Thought Leadership Has An Upside And A Downside

A thought leader is similar to a bellwether:  it is a person who is sort of a leader of the pack.  They are people who are often at the forefront of a movement or a set of ideas.  It is important to realize, though, that being a thought leader has upside but also has downside risks.  For example, the cutting edge idea that you may espouse may not make it to prime time.  Being at the forefront of your field has a lot of benefits and it’s important to recognize the downside risks of you possibly getting behind an idea that fails spectacularly.


How does one become a thought leader?  A thought leader is often someone who represents a non -consensus viewpoint.  Note the key elements of this include that they represent this idea or cutting-edge thought.  They need, in short, an audience.  Finding and growing an audience is one of the biggest challenges of becoming a thought leader.


In healthcare, particularly Surgery, there are many mechanisms in which to do this.  In Trauma and Emergency Surgery, for example, giving talks at professional meetings, participating in committees within professional organizations such as the Eastern Association of the Surgery for Trauma (similar national trauma surgical society), or networking via online communities can help you establish yourself as a thought leader.  Other routes include social media visibility, and yet another includes publishing papers in journals or even becoming an editor for a journal.  These are just some of the ways to be at the forefront of research in trauma and emergency surgery, and in healthcare being at the forefront of research is often equated with being a thought leader.  However, these are not the only ways in which you can become a thought leader.  You can even provide consultant work to hospital service lines, be the messenger or proponent of an idea that is already in existence or basically establish your name and reputation as someone at the forefront of the field.


As mentioned, one of the other important elements of becoming a thought leader is representing a non-consensus viewpoint.  That is, if every speaker represents the same view point it is unlikely that anyone will be perceived as a leader.  Looking at a problem or issue in a new way, focusing on an issue that is common to people in the field, and clearly representing this non-consensus viewpoint in a non-confrontational way can help establish you as a thought leader.  Representing a unique viewpoint makes being a thought leader very different than just being an expert on some topic.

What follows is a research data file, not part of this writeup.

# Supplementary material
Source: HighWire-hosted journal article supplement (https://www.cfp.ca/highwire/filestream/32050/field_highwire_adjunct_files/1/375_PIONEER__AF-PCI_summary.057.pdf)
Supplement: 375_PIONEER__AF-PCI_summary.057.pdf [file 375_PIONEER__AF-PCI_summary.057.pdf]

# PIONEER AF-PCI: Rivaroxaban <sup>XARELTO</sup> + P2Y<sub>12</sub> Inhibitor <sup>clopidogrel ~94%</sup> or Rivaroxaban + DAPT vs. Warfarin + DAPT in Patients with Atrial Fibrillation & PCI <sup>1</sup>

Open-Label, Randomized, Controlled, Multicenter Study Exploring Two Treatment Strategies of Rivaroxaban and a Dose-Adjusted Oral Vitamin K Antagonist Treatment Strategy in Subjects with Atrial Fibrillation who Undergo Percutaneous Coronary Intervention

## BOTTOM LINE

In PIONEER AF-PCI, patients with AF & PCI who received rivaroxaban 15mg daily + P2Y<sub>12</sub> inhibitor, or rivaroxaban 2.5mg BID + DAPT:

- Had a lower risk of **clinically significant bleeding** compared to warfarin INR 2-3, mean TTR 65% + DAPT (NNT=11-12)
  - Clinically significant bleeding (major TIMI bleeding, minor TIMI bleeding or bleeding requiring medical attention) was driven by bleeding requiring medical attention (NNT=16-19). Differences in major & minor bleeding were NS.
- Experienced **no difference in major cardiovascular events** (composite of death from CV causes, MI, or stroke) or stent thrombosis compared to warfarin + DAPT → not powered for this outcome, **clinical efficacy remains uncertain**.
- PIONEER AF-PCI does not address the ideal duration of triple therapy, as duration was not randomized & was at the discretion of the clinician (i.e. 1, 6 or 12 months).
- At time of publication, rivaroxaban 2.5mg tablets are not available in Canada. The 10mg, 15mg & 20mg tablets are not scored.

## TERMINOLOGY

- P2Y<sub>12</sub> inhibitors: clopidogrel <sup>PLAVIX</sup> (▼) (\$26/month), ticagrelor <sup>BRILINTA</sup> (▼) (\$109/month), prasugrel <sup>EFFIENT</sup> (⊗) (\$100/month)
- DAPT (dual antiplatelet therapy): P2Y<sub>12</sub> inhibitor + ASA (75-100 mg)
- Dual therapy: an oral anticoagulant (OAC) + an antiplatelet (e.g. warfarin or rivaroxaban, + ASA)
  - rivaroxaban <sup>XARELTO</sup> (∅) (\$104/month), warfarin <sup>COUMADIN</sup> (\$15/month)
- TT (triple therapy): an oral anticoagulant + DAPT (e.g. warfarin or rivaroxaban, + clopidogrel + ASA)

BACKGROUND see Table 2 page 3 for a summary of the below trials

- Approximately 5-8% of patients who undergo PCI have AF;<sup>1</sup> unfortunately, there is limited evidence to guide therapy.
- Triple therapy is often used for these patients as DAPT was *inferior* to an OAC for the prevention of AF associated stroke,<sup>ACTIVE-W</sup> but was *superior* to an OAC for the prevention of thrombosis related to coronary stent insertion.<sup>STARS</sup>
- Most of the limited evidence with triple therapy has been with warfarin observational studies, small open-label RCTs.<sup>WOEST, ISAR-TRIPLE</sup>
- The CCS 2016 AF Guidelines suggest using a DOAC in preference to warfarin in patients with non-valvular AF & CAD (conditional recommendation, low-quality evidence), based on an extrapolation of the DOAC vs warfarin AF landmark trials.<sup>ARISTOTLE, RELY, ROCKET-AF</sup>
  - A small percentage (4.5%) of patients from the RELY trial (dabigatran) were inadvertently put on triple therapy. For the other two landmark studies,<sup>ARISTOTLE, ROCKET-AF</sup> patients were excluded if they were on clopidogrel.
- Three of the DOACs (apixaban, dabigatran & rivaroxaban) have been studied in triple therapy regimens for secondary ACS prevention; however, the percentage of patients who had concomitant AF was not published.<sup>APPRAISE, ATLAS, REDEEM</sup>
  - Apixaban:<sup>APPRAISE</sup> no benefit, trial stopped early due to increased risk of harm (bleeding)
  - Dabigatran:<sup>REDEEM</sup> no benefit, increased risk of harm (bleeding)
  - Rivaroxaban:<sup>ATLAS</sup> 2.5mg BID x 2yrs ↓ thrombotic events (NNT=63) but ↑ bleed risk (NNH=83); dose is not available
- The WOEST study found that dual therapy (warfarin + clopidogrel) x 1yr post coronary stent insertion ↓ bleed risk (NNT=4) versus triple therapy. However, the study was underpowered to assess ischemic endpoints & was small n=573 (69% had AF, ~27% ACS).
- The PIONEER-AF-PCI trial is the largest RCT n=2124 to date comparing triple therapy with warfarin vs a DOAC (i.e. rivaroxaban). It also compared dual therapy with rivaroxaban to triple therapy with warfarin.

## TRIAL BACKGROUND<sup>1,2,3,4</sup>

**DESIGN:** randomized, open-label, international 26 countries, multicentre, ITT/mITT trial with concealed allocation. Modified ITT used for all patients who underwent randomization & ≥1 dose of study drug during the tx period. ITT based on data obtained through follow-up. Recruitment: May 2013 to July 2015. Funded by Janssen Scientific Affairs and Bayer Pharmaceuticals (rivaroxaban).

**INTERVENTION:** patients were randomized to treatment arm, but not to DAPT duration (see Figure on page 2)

In our angel investment practice, one criterion on which we evaluate new potential business models is the presence of a non-consensus viewpoint.  We are interested in a team that thinks the market, or a solution to some issue a consumer has, is going in a different direction than what many others think.  They need solid data (experiential or otherwise) to substantiate their claim.  If a business team demonstrates a non -onsensus viewpoint that has sustainable competitive advantage, that is it, the position can be protected, established, and grown, the idea is much more attractive.  Clint Korver, from Ulu Ventures, also described the search for non-consensus viewpoint in a recent online course on entitled Venture Capital 101.


In short, being a thought leader requires multiple facets including finding and reaching an audience with your unique, non-consensus viewpoint in a non-confrontational way that demonstrates the utility of this non-consensus viewpoint. Having a novel or interesting viewpoint on a topic that doesn’t matter about which you can tell no one is exactly the opposite of becoming a thought leader.  In business model innovation, becoming a thought leader can have significant utility as you look to influence stakeholders to get on board with your business model.  Representing a non-consensus viewpoint in an effective way can help propel you into a position where you are much more likely to get funding for your business model or be looked up in your field as an important thought leader. Such a visible position has a strong upside yet also has downside risk.